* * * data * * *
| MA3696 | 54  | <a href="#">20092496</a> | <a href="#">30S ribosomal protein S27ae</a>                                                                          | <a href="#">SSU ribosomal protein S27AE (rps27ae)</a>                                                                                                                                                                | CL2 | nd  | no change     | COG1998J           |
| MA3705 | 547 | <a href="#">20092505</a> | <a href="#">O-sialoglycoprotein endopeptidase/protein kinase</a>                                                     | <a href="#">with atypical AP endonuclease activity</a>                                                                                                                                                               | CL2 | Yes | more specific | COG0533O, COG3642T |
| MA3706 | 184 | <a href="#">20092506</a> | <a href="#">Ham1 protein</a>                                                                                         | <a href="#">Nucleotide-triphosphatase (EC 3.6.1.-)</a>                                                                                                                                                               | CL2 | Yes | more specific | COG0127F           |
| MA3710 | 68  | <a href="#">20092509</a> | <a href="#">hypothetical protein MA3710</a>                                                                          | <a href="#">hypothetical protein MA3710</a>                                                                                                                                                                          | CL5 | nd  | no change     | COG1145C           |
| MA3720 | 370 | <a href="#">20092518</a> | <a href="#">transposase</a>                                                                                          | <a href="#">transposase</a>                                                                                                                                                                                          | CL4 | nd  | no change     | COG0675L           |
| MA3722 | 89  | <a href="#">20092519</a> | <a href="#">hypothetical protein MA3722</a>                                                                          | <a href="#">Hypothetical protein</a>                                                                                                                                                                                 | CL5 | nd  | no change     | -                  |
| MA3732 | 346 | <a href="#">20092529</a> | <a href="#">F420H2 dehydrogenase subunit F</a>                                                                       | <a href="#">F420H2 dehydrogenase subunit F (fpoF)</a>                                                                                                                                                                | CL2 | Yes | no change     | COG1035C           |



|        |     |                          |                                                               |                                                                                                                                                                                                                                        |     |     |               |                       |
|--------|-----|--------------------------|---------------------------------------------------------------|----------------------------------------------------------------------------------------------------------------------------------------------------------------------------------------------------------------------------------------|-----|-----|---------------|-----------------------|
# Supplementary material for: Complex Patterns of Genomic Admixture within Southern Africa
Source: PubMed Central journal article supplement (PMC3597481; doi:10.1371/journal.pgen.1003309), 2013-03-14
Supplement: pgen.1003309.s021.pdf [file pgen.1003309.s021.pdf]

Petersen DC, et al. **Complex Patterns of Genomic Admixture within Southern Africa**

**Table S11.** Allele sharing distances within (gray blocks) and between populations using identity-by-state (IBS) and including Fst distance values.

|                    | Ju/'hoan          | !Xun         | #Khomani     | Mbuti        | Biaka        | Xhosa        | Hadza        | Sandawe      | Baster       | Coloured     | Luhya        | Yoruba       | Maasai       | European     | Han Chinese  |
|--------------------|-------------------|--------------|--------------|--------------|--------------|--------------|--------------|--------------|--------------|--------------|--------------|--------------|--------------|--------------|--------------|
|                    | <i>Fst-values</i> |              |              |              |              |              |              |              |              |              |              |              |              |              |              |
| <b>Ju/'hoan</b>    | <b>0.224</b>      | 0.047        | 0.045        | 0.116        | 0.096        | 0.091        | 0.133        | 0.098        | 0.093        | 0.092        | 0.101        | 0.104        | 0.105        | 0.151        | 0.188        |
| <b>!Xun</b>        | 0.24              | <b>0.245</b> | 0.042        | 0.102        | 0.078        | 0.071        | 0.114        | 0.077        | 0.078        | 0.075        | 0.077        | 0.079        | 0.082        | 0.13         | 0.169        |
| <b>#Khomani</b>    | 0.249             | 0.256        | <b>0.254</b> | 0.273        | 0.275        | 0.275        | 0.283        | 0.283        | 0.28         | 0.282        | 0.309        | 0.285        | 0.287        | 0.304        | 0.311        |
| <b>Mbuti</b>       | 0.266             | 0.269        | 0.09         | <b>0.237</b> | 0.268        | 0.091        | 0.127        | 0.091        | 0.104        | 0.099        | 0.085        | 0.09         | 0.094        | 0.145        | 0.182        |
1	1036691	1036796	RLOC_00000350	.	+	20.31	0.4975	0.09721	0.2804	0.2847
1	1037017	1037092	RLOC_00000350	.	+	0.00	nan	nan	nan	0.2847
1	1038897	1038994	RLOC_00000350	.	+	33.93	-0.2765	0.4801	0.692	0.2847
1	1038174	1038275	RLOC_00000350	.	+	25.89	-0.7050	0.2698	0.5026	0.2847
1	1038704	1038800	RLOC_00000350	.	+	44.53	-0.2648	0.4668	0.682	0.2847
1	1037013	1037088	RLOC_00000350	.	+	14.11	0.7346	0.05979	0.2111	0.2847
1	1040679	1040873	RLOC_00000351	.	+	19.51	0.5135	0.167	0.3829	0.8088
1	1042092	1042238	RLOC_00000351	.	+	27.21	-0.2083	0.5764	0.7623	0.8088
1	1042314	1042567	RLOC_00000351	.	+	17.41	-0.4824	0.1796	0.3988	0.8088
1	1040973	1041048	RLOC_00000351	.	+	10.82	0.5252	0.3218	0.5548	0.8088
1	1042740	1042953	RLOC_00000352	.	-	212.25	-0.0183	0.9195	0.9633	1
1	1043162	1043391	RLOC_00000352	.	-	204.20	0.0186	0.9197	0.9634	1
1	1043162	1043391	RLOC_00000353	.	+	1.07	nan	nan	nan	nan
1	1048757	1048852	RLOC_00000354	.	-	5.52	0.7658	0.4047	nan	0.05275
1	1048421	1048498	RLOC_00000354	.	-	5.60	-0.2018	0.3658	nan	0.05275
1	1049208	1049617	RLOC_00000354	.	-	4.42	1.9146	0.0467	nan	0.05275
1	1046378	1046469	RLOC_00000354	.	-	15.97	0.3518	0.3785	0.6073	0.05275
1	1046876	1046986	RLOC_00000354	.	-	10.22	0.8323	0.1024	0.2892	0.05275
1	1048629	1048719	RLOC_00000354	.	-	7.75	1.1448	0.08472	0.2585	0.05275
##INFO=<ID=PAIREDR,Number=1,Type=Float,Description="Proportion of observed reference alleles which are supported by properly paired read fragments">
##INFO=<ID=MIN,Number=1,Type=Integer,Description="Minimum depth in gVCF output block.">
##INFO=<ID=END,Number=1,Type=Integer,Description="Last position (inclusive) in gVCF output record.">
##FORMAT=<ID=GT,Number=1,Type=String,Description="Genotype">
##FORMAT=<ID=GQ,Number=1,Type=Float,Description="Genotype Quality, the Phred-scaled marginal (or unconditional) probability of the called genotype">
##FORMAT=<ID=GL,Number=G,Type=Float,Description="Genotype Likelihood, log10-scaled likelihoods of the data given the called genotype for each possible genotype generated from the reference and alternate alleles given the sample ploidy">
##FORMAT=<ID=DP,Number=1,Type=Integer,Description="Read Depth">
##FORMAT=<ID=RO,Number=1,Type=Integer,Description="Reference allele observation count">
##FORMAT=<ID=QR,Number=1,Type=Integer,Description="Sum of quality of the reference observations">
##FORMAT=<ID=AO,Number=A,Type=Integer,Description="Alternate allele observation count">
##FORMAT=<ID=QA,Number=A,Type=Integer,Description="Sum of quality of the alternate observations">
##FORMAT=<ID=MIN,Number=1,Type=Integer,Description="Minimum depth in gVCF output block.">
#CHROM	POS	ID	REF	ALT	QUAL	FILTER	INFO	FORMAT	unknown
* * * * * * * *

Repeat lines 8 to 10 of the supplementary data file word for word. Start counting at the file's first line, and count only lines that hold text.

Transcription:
|        |     |                          |                                                               |                                                                                                                                                                                                                                        |     |     |               |                       |
|--------|-----|--------------------------|---------------------------------------------------------------|----------------------------------------------------------------------------------------------------------------------------------------------------------------------------------------------------------------------------------------|-----|-----|---------------|-----------------------|
# Supplementary material for: Complex Patterns of Genomic Admixture within Southern Africa